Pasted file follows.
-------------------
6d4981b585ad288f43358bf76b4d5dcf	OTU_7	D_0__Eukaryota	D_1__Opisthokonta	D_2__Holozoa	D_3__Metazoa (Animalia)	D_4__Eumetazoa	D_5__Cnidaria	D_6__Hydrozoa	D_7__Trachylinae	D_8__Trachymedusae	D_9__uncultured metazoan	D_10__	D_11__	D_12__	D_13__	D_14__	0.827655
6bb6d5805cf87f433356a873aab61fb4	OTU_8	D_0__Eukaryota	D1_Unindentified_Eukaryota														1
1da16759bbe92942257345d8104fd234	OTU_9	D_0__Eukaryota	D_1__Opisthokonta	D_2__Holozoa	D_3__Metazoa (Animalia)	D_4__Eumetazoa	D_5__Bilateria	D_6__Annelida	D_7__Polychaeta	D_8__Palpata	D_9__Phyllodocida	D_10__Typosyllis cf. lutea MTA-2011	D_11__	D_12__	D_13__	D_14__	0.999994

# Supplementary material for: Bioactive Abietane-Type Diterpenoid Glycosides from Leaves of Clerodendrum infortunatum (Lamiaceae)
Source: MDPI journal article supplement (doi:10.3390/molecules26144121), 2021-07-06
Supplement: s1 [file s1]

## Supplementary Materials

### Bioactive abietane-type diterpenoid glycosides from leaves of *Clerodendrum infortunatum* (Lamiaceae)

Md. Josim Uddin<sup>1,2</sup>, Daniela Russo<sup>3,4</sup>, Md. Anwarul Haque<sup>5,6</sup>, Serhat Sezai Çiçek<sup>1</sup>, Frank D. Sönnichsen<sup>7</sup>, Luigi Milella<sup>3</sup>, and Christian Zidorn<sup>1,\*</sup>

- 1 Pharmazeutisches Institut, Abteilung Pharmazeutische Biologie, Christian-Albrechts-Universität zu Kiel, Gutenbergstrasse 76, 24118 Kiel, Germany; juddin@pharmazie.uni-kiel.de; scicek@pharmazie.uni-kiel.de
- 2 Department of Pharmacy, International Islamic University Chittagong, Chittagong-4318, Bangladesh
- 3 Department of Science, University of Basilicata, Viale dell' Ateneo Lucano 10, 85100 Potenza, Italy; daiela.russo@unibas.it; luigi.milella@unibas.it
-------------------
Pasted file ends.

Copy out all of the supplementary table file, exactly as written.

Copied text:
6d4981b585ad288f43358bf76b4d5dcf	OTU_7	D_0__Eukaryota	D_1__Opisthokonta	D_2__Holozoa	D_3__Metazoa (Animalia)	D_4__Eumetazoa	D_5__Cnidaria	D_6__Hydrozoa	D_7__Trachylinae	D_8__Trachymedusae	D_9__uncultured metazoan	D_10__	D_11__	D_12__	D_13__	D_14__	0.827655
6bb6d5805cf87f433356a873aab61fb4	OTU_8	D_0__Eukaryota	D1_Unindentified_Eukaryota														1
1da16759bbe92942257345d8104fd234	OTU_9	D_0__Eukaryota	D_1__Opisthokonta	D_2__Holozoa	D_3__Metazoa (Animalia)	D_4__Eumetazoa	D_5__Bilateria	D_6__Annelida	D_7__Polychaeta	D_8__Palpata	D_9__Phyllodocida	D_10__Typosyllis cf. lutea MTA-2011	D_11__	D_12__	D_13__	D_14__	0.999994

# Supplementary material for: Bioactive Abietane-Type Diterpenoid Glycosides from Leaves of Clerodendrum infortunatum (Lamiaceae)
Source: MDPI journal article supplement (doi:10.3390/molecules26144121), 2021-07-06
Supplement: s1 [file s1]

## Supplementary Materials

### Bioactive abietane-type diterpenoid glycosides from leaves of *Clerodendrum infortunatum* (Lamiaceae)

Md. Josim Uddin<sup>1,2</sup>, Daniela Russo<sup>3,4</sup>, Md. Anwarul Haque<sup>5,6</sup>, Serhat Sezai Çiçek<sup>1</sup>, Frank D. Sönnichsen<sup>7</sup>, Luigi Milella<sup>3</sup>, and Christian Zidorn<sup>1,\*</sup>

- 1 Pharmazeutisches Institut, Abteilung Pharmazeutische Biologie, Christian-Albrechts-Universität zu Kiel, Gutenbergstrasse 76, 24118 Kiel, Germany; juddin@pharmazie.uni-kiel.de; scicek@pharmazie.uni-kiel.de
- 2 Department of Pharmacy, International Islamic University Chittagong, Chittagong-4318, Bangladesh
- 3 Department of Science, University of Basilicata, Viale dell' Ateneo Lucano 10, 85100 Potenza, Italy; daiela.russo@unibas.it; luigi.milella@unibas.it